Well, the $819 billion “stimulus” bill was approved by the House of Representatives today, and will next work its way through the Senate before being placed on the Resolute desk and signed by President Barack Hussein Obama.
According to The Wall Street Journal and The Heritage Foundation, here are some of the highlights from the legislation approved by a 244 to 188 margin:
- $7.7 billion for various upgrades and work done on federal buildings
- $5.2 billion for voter fraud experts ACORN and other “neighborhood stabilization” groups
- $2.4 billion for carbon capture projects
- $1 billion for AMTRAK
- $650 million–more–for coupons for the conversion to digital television
- $600 million for federal automobiles
- $400 million for research into global warming
- $335 million for the prevention of sexually transmitted diseases
- $50 million to the National Endowment for the Arts
I have difficulty seeing how, other than perhaps the money earmarked for government cars, any of this is even close to stimulative as far as the American economy is concerned. AMTRAK has been steadily losing money for decades, and should have been sold by the government long ago. People still using rabbit ears on their televisions have had at least three years of warning to scrape together or pester family members for the $40 necessary to purchase a converter box; I still cannot wrap my head around why it is the responsibility of the federal government, and therefore a financial burden on taxpayers, for people to watch television. Both the money for the carbon capture products and the research into global warming are included because of this media-perpetuated farce and facade for global socialism; the cap-and-trade legislation which will result will damage the economy in the long-term, and the money spent now sure won’t help it in the short term.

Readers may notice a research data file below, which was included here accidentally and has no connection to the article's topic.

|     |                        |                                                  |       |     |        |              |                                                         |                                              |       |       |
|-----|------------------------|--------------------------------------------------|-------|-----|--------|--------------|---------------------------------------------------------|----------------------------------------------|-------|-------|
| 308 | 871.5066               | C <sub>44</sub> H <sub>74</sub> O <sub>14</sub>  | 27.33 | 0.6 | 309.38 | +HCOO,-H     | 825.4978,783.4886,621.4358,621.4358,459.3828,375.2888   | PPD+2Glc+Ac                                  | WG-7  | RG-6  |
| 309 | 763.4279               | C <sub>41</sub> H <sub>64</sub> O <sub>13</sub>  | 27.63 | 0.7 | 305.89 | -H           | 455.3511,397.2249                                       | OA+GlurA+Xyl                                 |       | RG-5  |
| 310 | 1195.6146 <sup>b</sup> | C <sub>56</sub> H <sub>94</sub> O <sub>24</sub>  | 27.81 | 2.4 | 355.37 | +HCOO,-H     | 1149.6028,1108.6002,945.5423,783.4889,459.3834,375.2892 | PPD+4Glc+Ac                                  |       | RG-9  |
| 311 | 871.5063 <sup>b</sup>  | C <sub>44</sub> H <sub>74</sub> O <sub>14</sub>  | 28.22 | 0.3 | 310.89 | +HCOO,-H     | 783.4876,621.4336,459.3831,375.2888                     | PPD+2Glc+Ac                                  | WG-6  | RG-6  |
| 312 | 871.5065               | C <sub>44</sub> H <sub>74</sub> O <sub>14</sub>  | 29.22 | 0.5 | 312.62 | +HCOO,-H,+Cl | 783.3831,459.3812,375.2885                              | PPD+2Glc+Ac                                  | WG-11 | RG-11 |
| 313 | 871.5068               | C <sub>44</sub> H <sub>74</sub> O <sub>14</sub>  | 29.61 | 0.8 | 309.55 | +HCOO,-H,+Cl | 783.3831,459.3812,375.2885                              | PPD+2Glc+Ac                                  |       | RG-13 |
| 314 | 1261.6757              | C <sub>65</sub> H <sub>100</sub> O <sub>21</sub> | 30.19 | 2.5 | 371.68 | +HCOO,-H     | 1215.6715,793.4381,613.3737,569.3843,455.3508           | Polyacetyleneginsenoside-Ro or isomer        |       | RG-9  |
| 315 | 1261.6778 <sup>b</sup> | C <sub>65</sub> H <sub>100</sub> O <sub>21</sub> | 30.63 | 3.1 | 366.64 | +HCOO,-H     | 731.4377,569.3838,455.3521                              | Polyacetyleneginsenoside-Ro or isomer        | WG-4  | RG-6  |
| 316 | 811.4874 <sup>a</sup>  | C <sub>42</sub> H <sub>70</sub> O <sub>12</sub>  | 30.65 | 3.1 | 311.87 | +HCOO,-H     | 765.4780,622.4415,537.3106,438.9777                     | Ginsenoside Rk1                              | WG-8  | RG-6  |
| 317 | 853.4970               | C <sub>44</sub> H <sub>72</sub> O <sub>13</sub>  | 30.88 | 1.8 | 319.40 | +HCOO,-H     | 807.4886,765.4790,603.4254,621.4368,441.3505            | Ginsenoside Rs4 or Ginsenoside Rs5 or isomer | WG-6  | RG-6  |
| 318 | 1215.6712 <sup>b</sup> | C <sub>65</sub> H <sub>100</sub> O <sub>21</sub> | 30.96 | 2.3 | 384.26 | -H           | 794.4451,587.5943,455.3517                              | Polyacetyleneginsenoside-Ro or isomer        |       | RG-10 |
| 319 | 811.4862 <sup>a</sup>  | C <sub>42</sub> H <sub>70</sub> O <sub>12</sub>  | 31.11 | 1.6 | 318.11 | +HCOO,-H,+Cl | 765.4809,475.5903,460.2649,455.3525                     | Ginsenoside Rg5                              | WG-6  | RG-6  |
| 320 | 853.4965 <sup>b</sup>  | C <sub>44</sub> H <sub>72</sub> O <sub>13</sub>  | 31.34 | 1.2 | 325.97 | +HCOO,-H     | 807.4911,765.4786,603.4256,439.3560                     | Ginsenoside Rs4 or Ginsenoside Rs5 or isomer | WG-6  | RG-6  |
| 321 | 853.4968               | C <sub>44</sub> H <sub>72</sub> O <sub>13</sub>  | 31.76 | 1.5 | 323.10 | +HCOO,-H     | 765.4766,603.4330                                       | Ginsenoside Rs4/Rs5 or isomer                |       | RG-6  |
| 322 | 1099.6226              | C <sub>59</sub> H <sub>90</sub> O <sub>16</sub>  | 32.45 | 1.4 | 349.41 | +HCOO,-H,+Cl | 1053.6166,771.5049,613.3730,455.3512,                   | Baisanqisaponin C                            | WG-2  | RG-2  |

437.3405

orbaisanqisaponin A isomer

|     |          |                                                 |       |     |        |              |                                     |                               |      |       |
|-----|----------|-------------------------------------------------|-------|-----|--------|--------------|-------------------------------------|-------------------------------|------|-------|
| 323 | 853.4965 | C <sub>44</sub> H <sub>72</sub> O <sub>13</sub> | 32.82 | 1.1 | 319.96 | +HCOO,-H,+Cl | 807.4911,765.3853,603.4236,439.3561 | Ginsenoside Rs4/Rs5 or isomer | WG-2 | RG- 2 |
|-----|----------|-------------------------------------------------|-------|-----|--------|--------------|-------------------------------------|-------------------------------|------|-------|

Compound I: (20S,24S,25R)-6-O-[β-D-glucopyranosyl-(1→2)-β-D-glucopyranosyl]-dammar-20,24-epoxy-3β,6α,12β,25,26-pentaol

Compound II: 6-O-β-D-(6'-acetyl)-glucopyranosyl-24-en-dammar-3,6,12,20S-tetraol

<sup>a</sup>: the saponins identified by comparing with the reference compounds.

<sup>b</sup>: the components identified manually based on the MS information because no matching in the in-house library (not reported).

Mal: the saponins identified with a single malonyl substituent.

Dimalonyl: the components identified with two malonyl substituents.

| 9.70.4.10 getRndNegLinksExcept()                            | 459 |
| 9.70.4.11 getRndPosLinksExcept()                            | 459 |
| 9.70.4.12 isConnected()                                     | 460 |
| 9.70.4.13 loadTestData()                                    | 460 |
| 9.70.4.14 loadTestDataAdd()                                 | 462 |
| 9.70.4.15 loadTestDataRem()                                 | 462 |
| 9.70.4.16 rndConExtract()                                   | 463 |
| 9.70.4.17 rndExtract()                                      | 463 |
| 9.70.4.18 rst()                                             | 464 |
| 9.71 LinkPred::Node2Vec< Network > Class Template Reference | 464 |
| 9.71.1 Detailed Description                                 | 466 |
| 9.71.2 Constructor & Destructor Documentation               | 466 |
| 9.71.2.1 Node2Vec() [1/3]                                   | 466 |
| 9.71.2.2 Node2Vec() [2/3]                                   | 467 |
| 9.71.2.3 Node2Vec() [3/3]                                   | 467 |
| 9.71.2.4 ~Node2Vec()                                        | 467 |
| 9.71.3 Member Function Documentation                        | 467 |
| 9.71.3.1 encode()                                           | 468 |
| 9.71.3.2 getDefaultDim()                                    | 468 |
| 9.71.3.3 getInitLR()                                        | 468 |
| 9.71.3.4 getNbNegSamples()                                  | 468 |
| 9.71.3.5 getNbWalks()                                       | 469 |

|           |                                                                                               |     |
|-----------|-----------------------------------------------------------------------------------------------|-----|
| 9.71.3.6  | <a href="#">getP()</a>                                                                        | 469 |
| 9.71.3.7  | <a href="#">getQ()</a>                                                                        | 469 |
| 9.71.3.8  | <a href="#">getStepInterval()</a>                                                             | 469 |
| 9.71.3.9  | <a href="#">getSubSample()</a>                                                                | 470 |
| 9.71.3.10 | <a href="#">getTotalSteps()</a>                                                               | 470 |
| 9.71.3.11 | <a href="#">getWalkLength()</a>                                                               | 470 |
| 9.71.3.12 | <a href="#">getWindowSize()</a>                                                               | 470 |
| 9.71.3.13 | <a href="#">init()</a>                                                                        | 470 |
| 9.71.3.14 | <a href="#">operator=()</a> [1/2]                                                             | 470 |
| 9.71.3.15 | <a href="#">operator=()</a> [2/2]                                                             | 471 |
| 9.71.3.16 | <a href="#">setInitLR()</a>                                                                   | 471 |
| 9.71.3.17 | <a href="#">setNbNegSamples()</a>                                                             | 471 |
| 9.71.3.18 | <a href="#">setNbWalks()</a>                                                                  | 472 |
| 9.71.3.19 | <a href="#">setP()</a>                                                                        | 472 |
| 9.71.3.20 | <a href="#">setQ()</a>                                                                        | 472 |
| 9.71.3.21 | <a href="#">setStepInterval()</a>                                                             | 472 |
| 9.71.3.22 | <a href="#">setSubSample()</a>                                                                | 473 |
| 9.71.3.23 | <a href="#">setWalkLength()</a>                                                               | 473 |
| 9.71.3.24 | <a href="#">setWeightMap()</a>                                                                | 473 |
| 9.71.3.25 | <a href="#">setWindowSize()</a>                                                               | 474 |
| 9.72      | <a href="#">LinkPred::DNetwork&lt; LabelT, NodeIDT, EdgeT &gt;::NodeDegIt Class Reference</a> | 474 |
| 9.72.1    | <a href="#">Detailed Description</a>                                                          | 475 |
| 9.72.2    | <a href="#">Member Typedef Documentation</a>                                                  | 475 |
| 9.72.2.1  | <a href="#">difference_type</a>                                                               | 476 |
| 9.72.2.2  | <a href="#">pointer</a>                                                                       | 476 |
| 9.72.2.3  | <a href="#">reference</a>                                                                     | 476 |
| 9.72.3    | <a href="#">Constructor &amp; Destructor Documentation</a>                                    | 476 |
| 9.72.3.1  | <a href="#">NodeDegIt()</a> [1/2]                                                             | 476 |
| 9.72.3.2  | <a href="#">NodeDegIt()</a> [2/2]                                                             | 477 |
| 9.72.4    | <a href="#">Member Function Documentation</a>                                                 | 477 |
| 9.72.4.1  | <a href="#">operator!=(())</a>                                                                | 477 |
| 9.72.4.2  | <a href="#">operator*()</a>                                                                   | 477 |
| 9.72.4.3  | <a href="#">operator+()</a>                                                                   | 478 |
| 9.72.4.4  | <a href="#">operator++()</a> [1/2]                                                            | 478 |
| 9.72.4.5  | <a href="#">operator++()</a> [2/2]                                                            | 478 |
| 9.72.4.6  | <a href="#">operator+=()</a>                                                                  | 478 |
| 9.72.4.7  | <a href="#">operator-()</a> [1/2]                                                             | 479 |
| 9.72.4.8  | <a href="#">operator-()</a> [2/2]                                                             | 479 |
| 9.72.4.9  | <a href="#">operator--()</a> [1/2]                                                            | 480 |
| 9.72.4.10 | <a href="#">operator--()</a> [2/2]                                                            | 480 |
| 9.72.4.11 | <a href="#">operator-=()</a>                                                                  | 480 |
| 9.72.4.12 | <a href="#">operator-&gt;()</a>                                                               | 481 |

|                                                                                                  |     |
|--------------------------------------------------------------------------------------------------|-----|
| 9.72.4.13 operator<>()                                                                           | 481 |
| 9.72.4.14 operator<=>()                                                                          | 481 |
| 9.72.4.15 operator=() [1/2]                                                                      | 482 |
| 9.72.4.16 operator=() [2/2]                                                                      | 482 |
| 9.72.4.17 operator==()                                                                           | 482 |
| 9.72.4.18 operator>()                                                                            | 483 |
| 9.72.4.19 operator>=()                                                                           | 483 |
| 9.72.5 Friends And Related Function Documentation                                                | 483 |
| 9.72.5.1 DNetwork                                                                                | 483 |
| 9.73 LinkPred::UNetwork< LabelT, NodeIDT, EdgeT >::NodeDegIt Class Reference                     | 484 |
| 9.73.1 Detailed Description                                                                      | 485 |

As for the others, we heard today that the United States Postal Service is considering dropping Saturday mail delivery in order to save costs. I actually know a few postmen aside from the kind folks who deliver mail to our house, and I would love for them to get more time off to spend with their families, but at the same time I wonder what kind of effect this move could have on American business, I see the money we’re throwing at the arts and at the prevention of sexually transmitted diseases–perhaps former President Bill Clinton can have an advisory position in the Obama administration after all–and wonder how it and more could have been better spent.
And don’t even get me started on ACORN.
This whole nightmare could have been managed better. We needed a package heavy on tax cuts, something that would have short- and long-term benefit. Not this.
Radio talk show king Rush Limbaugh has a few good ideas, and he explains them in an op-ed piece scheduled to run in tomorrow’s Wall Street Journal. Here’s a taste:
Congress is currently haggling over how to spend $900 billion generated by American taxpayers in the private sector. (It’s important to remember that it’s the people’s money, not Washington’s.) In a Jan. 23 meeting between President Obama and Republican leaders, Rep. Eric Cantor (R., Va.) proposed a moderate tax cut plan. President Obama responded, “I won. I’m going to trump you on that.”
Yes, elections have consequences. But where’s the bipartisanship, Mr. Obama? This does not have to be a divisive issue. My proposal is a genuine compromise.